# If you do not have a pre-processed CSV file, the analysis
# will run on the full dataset and may take longer to complete.
import pandas as pd
import os

pre_processed_file_name = f'data/pre-processed_{dataset_id}.csv'

if os.path.exists(pre_processed_file_name):
    df = pd.read_csv(pre_processed_file_name)
    filtered_id_list = df["id"].tolist()
    use_filtered_list = True
    print('Pre-Processed CSV found. Successfully read in ' + str(len(df)) + ' documents.')
else: 
    use_filtered_list = False
    print('No pre-processed CSV file found. Full dataset will be used.')

Load Stopwords List

If you have created a stopword list in the stopwords notebook, we will import it here. (You can always modify the CSV file to add or subtract words then reload the list.) Otherwise, we'll load the NLTK stopwords list automatically.

In [ ]:
# Load a custom data/stop_words.csv if available
# Otherwise, load the nltk stopwords list in English

# Create an empty Python list to hold the stopwords
stop_words = []

# The filename of the custom data/stop_words.csv file
stopwords_list_filename = 'data/stop_words.csv'

if os.path.exists(stopwords_list_filename):
    import csv
    with open(stopwords_list_filename, 'r') as f:
        stop_words = list(csv.reader(f))[0]
    print('Custom stopwords list loaded from CSV')
else:
    # Load the NLTK stopwords list
    from nltk.corpus import stopwords
    stop_words = stopwords.words('english')
    print('NLTK stopwords list loaded')

Define a Unigram Processing Function

In this step, we gather the unigrams. If there is a Pre-Processing Filter, we will only analyze documents from the filtered ID list. We will also process each unigram, assessing them individually. We will complete the following tasks:

  • Lowercase all tokens
  • Remove tokens in stopwords list
  • Remove tokens with fewer than 4 characters
  • Remove tokens with non-alphabetic characters

We can define this process in a function.

In [ ]:
# Define a function that will process individual tokens
# Only a token that passes through all three `if` 
# statements will be returned. A `True` result for
# any `if` statement does not return the token. 

def process_token(token):
    token = token.lower()
    if token in stop_words: # If True, do not return token
        return
    if len(token) < 4: # If True, do not return token
        return
    if not(token.isalpha()): # If True, do not return token
        return
    return token # If all are False, return the lowercased token

Next, we process all the unigrams into a list called documents. For demonstration purposes, this code runs on a limit of 500 documents, but we can change this to process all the documents.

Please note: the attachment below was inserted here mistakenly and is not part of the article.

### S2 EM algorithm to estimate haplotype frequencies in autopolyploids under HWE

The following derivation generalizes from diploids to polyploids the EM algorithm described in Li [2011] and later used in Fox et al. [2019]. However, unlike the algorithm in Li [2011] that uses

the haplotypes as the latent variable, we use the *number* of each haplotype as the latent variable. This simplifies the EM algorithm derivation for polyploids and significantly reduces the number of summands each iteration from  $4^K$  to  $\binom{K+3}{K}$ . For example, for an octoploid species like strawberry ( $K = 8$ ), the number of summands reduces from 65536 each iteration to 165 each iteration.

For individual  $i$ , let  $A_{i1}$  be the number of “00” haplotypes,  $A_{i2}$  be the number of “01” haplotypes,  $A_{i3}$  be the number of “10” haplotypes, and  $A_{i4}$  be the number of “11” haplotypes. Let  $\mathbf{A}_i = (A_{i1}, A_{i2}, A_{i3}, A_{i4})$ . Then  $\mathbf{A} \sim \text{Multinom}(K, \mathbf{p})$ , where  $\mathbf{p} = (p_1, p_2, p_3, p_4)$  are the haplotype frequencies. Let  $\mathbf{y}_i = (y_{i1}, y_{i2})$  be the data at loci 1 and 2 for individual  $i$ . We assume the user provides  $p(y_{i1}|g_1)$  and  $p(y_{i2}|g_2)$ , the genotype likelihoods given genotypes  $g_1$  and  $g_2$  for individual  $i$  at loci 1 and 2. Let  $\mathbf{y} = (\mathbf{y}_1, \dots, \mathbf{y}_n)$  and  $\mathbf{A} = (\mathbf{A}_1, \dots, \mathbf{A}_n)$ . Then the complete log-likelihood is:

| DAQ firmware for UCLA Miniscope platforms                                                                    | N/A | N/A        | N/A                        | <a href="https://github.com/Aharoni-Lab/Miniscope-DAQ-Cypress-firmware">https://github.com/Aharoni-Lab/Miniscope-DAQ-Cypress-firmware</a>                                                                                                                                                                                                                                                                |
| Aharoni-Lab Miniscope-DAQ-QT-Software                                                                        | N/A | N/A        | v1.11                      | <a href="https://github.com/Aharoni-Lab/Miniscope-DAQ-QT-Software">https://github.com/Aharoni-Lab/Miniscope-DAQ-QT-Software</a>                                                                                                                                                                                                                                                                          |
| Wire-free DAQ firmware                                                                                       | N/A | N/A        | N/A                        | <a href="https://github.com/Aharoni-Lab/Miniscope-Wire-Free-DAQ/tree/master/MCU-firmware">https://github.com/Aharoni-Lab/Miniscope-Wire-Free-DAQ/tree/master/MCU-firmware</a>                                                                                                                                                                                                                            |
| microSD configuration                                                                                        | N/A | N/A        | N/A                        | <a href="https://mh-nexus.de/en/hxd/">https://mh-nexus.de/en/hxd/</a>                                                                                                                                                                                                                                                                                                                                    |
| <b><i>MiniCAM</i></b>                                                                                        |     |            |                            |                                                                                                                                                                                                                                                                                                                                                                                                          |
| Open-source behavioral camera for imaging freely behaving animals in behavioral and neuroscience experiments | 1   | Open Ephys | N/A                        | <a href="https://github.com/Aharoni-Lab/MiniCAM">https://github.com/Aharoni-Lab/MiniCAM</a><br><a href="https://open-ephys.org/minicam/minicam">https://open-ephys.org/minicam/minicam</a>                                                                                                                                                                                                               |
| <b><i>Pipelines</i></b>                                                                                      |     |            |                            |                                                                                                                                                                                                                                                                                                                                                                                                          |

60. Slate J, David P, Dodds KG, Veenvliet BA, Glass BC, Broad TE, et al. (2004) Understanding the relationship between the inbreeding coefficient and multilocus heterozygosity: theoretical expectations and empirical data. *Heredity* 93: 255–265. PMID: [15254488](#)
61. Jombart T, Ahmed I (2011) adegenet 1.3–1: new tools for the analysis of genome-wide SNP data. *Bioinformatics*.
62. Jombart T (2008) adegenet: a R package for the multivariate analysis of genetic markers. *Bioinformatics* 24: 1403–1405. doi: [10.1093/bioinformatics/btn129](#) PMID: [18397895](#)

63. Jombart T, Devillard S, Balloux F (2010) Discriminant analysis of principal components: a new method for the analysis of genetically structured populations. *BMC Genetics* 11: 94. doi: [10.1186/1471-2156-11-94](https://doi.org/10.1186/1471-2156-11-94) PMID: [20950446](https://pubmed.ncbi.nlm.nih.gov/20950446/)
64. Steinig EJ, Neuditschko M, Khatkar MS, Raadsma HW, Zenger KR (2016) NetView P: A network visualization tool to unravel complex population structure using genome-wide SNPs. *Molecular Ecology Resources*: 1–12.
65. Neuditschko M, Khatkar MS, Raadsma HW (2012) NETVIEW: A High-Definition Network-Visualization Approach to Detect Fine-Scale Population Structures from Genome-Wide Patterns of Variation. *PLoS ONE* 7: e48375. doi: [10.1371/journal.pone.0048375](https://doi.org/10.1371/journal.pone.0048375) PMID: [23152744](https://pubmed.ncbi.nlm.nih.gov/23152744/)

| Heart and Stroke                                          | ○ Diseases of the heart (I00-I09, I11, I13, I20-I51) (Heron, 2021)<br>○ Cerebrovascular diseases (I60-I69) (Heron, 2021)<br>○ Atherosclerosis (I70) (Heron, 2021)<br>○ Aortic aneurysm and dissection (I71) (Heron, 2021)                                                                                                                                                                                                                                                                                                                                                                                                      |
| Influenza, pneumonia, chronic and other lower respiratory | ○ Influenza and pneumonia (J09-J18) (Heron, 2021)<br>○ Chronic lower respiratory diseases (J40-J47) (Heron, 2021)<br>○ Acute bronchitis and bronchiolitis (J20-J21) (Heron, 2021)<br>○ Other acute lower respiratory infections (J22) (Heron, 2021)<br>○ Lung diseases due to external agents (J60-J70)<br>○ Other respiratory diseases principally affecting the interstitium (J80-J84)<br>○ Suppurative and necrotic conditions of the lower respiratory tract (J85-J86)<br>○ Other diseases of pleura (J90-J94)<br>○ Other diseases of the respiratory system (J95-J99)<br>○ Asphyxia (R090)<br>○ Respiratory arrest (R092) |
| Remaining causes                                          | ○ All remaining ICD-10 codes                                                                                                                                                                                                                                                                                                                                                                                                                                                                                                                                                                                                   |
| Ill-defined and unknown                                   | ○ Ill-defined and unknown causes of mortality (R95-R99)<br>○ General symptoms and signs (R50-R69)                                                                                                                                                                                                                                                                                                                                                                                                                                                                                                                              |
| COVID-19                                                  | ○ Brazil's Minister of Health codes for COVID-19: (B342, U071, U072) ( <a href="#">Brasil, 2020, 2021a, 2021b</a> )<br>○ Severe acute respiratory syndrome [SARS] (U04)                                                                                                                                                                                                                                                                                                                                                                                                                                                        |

In [ ]:
# Collecting the unigrams and processing them into `documents`

limit = 500 # Change number of documents being analyzed. Set to `None` to do all documents.
n = 0
documents = []
document_ids = []
    
for document in tdm_client.dataset_reader(dataset_file):
    processed_document = []
    document_id = document['id']
    if use_filtered_list is True:
        # Skip documents not in our filtered_id_list
        if document_id not in filtered_id_list:
            continue
    document_ids.append(document_id)
    unigrams = document.get("unigramCount", [])
    for gram, count in unigrams.items():
        clean_gram = process_token(gram)
        if clean_gram is None:
            continue
        processed_document.append(clean_gram)
    if len(processed_document) > 0:
        documents.append(processed_document)
    n += 1
    if (limit is not None) and (n >= limit):
        break
print('Unigrams collected and processed.')

Now that we have all the cleaned unigrams in a list, we can use Gensim to compute TF/IDF.


Using Gensim to Compute "Term Frequency- Inverse Document Frequency"

It will be helpful to remember the basic steps we did in the explanatory TF-IDF example:

  1. Create a list of the frequency of every word in every document
  2. Create a list of every word in the corpus
  3. Compute TF-IDF based on that data

So far, we have completed the first item by creating a list of the frequency of every word in every document. Now we need to create a list of every word in the corpus. In gensim, this is called a "dictionary". A gensim dictionary is similar to a Python dictionary, but here it is called a gensim dictionary to show it is a specialized kind of dictionary.

Creating a Gensim Dictionary

Let's create our gensim dictionary. A gensim dictionary is a kind of masterlist of all the words across all the documents in our corpus. Each unique word is assigned an ID in the gensim dictionary. The result is a set of key/value pairs of unique tokens and their unique IDs.

In [ ]:
import gensim
dictionary = gensim.corpora.Dictionary(documents)

Now that we have a gensim dictionary, we can get a preview that displays the number of unique tokens across all of our texts.

In [ ]:
print(dictionary)

The gensim dictionary stores a unique identifier (starting with 0) for every unique token in the corpus. The gensim dictionary does not contain information on word frequencies; it only catalogs all the words in the corpus. You can see the unique ID for each token in the text using the .token2id() method. Your corpus may have hundreds of thousands of unique words so here we just give a preview of the first ten.

In [ ]:
dict(list(dictionary.token2id.items())[0:10]) # Print the first ten tokens and their associated IDs.

We can also look up the corresponding ID for a token using the .get method.

In [ ]: